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  12. Cheshire

    Cheshire Senior Member

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    Thanks @Graham
    A very clear, useful and necessary synthesis.
    I'm looking forward to seeing your video!
     
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  13. lnester7

    lnester7 Seven

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    Great! also, I think would be nice an analysis of the aftermath. How many institutionalized, and ignored patients (like the result of applying CBT ) has been in the community.
     
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  14. Alvin2

    Alvin2 Senior Member

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    Ok, i didn't know it was an article referencing PACE. However this is more maddening, money was wasted on PACE that could have done much better following reality, and more money, time and resources are wasted fighting it :bang-head:
    That said this is a strategy, and i don't know if its the best one, publishing articles that say the opposite won't do much to convince those who choose to believe lies, they are more interested in pretending lies are true then in looking for the truth. IMO we will need a disease mechanism and/or a test for ME/CFS to smash PACE with, making it untenable.
    There is precedent for this, narcolepsy was believed to be caused by emotional trauma and the preferred "treatment" was dream analysis to go along with the stimulants (since REM sleep intrudes onto regular sleep and daily functioning). The success rate for this treatment was zero but until Orexin was discovered and linked to narcolepsy the cause was psychosomatic and now its generally accepted to be autoimmune.
     
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  15. BurnA

    BurnA Senior Member

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    It will do a lot to convince people who otherwise wouldn't have questioned the PACE paper.

    A lot of the issue is around people assuming PACE must be good because it was published in the lancet. This helps to debunk that.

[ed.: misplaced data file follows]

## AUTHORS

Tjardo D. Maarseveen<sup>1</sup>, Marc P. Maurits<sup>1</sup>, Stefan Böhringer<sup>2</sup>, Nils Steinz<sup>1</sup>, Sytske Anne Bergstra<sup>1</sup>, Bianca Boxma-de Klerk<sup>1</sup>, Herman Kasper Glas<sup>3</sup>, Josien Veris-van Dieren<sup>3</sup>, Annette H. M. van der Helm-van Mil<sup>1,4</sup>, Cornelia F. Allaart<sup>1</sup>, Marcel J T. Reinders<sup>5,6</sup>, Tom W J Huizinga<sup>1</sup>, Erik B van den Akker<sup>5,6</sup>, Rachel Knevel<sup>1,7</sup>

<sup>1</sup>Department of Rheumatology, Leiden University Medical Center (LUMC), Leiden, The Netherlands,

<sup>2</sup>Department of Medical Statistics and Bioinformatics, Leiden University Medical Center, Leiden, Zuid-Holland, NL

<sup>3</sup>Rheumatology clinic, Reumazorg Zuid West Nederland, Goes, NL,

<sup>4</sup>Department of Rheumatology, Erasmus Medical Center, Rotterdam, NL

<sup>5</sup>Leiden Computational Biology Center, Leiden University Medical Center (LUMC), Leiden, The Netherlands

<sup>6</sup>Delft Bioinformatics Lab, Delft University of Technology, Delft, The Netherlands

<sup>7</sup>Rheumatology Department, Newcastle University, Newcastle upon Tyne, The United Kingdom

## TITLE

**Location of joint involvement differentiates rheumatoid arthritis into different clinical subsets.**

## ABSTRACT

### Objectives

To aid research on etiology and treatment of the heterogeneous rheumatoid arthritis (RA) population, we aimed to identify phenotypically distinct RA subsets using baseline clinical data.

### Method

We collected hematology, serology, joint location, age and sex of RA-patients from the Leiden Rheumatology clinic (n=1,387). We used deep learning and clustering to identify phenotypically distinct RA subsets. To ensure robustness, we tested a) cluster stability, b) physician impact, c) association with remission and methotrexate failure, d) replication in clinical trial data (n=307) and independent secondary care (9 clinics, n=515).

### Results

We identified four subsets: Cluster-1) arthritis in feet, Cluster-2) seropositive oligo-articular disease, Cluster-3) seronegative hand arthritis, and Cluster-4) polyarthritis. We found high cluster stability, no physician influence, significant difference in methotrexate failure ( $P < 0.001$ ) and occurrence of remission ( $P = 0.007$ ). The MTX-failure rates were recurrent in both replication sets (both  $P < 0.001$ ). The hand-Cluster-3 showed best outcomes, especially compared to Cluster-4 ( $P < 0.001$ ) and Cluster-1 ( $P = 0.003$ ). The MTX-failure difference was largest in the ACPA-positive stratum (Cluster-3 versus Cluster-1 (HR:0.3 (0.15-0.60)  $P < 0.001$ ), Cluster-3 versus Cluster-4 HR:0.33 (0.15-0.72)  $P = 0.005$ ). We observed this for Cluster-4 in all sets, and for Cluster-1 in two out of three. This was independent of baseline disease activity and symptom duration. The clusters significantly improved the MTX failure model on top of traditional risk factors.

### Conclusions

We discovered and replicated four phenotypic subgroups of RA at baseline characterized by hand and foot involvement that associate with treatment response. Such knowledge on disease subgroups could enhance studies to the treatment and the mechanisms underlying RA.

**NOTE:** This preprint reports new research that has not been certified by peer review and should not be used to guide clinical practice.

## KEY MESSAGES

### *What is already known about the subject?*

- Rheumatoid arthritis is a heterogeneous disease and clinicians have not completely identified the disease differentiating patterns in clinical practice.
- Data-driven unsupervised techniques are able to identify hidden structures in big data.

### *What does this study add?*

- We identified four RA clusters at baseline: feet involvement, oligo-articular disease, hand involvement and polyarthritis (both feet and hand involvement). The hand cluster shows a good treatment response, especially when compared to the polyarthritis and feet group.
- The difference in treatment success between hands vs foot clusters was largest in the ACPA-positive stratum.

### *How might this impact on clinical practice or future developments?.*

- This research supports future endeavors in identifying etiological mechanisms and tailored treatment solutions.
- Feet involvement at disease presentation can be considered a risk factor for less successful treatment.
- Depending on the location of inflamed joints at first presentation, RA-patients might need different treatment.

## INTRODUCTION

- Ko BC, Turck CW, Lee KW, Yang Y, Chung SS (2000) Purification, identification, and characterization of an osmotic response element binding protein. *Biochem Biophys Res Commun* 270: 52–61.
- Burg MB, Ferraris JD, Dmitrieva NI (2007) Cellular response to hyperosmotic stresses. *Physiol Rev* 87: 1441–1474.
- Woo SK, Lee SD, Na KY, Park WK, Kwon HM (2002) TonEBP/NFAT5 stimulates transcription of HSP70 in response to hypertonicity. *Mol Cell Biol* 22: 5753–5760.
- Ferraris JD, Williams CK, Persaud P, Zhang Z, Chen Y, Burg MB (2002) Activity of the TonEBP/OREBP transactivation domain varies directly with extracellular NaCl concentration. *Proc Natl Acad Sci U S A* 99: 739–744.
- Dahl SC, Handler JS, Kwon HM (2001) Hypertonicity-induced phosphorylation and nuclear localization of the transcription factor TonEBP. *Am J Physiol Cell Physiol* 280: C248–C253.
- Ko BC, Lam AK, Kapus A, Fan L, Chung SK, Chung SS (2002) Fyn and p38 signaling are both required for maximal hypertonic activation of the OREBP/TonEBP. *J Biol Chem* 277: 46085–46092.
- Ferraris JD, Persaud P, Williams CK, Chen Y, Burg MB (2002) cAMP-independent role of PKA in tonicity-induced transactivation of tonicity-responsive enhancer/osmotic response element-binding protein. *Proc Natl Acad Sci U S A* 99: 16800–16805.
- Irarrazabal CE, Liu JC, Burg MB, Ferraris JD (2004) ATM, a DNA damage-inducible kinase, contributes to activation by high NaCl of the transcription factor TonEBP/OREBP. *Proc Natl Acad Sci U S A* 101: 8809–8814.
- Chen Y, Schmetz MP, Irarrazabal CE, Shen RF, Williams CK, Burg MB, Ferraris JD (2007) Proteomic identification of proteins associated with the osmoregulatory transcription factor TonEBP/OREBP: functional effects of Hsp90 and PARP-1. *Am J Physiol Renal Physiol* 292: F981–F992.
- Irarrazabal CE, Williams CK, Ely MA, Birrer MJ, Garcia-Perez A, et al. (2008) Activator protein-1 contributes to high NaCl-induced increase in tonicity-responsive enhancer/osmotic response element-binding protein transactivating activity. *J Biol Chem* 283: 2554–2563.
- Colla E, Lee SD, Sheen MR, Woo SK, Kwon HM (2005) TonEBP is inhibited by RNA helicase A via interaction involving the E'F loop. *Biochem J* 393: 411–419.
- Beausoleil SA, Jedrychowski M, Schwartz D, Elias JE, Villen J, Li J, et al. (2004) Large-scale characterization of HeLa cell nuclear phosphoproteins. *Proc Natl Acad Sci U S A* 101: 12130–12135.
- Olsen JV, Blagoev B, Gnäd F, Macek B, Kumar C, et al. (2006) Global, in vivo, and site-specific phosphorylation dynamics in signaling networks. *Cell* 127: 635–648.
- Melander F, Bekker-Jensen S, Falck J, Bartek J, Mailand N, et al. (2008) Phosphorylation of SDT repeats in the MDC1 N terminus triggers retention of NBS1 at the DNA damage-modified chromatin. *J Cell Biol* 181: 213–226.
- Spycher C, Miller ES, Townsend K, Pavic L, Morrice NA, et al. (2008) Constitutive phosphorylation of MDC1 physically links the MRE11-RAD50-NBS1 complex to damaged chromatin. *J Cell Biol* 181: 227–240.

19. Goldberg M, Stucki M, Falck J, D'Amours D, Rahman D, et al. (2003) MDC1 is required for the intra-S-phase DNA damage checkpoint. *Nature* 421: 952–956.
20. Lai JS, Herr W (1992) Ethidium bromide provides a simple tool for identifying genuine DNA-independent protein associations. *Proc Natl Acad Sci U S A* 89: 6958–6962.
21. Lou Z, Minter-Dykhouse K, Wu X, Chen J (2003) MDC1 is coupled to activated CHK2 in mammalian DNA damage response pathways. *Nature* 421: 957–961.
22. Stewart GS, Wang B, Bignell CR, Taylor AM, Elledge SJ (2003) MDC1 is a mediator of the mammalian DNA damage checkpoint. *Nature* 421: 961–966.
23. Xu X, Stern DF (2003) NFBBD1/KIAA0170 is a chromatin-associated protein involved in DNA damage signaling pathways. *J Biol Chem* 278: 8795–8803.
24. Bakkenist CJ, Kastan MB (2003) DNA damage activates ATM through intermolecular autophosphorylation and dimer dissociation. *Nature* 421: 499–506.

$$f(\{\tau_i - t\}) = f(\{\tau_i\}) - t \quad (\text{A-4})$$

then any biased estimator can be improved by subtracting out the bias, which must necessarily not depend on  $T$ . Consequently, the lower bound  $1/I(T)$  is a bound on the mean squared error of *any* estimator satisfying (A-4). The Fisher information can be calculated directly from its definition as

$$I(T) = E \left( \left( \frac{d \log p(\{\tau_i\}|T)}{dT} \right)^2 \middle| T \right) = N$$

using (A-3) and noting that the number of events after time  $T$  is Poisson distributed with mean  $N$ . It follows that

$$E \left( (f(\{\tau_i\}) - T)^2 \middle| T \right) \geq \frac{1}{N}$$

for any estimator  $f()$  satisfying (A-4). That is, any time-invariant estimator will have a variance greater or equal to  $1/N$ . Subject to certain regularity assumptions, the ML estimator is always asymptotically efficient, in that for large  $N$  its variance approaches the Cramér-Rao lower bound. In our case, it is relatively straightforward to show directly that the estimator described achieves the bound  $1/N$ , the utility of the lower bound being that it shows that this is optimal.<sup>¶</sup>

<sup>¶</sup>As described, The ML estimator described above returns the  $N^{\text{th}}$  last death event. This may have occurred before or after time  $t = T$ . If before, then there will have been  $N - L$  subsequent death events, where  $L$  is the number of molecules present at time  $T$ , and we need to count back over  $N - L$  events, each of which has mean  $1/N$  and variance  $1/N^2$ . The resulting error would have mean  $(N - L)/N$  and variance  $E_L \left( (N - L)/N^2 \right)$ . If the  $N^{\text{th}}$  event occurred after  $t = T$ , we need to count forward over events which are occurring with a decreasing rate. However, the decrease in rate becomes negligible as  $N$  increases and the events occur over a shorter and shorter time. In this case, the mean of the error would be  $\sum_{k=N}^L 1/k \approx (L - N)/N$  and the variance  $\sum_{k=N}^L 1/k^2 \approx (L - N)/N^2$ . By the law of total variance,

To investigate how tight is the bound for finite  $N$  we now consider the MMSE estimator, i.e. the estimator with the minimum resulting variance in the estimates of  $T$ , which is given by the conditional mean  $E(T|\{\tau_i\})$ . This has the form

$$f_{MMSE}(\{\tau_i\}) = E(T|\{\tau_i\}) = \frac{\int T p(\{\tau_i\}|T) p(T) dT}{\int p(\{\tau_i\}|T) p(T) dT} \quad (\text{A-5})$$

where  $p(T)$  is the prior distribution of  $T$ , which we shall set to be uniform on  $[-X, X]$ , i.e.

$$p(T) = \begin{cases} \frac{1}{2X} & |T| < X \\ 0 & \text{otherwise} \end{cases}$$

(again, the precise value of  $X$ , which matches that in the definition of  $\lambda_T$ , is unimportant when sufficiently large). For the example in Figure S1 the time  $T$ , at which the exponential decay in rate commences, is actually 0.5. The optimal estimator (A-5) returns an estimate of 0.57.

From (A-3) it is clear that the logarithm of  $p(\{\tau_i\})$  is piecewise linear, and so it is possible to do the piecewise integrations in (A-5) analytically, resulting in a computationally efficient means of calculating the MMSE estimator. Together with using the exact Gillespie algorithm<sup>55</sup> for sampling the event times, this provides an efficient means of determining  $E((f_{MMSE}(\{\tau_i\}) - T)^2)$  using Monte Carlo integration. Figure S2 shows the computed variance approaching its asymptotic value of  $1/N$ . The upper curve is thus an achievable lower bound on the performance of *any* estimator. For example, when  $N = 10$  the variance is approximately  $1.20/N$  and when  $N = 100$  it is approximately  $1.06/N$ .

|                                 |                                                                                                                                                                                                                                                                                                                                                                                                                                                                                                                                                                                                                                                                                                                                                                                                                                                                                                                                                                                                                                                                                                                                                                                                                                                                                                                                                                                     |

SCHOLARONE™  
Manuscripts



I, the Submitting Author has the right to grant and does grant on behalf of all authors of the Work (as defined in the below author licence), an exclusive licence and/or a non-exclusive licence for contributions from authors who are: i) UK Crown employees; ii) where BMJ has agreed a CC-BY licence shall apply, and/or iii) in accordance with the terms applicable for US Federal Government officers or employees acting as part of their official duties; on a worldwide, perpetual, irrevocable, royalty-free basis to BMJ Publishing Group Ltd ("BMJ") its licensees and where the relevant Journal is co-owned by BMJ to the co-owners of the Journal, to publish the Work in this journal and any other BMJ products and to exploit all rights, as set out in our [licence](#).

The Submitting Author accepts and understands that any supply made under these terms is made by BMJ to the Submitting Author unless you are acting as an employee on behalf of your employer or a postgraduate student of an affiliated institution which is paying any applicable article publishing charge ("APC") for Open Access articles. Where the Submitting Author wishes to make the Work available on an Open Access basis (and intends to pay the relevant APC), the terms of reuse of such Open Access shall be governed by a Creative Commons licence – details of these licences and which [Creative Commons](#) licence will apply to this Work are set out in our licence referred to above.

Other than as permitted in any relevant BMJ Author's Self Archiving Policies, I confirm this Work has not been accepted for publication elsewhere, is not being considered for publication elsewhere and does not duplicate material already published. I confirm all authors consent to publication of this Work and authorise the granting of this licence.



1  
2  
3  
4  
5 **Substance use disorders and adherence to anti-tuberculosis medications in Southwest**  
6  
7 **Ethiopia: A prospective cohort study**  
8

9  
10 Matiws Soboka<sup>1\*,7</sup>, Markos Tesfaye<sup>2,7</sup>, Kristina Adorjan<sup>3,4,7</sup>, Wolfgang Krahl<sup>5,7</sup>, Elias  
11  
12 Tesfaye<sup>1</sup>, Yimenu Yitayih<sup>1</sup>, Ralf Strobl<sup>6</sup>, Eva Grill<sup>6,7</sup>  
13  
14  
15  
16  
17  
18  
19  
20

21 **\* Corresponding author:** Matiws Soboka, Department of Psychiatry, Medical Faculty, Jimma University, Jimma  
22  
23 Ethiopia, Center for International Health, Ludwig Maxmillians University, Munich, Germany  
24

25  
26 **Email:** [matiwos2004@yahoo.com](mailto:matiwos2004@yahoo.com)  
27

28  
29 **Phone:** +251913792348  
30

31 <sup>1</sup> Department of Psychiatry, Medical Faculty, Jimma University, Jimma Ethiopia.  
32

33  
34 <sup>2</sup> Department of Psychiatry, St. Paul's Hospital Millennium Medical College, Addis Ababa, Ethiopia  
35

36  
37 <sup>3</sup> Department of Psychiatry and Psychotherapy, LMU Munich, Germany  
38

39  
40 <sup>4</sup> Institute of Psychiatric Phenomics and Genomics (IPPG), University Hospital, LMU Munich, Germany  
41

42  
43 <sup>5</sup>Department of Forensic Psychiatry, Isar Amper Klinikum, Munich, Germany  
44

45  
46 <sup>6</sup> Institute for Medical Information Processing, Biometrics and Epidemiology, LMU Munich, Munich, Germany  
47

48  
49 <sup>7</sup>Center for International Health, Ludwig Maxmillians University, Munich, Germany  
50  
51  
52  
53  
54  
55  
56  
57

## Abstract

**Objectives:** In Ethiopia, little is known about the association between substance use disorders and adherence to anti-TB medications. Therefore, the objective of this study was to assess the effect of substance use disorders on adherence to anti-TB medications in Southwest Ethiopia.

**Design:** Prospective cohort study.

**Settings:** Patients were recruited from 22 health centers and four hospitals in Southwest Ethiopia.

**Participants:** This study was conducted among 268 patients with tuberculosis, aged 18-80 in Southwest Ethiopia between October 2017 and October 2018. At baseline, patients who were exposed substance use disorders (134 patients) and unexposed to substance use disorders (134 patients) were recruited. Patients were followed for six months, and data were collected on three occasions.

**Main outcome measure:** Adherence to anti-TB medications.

Last edited: Jun 21, 2017
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  16. Alvin2

    Alvin2 Senior Member

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    I would be ecstatic if publishing this would get PACE retracted. I hope i am wrong but i doubt it will be retracted because of this. IMO a lot of litigation and fighting will be required at this rate becasue the Lancet believes in the PACE lies or they can't admit fault or both. Neither will be changed by facts, otherwise this fight would already be over.
    However a disease mechanism will force change because right now denial is easy, no tests, no mechanism and a culture of victim blaming is easy to accept, a measurable test or proven mechanism will make the lies untenable. As i said narcolepsy is one case history in this.
    Again i hope i am wrong, an easy retraction and smothering of the CBT/GET lies would be very good for all of us.
     
  17. Jonathan Edwards

    Jonathan Edwards Senior Member

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    I agree, and I think it does more. I think there are reasons to believe that now that there are several well reasoned publications demonstrating the problems with the trial the authors and colleagues are seriously worried about the collapse of their credibility. The criticism of the recent spate of lectures about malicious activists has also generated interest outside of medicine, let alone psychiatry.
     
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  18. BurnA

    BurnA Senior Member

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    Hmmm, would you be able to elaborate or are you going to leave us hanging...
     
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  19. Jonathan Edwards

    Jonathan Edwards Senior Member

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    Hanging I am afraid.
     
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  20. Alvin2

    Alvin2 Senior Member

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    Why hanging, why would outside medicine criticism be confidential?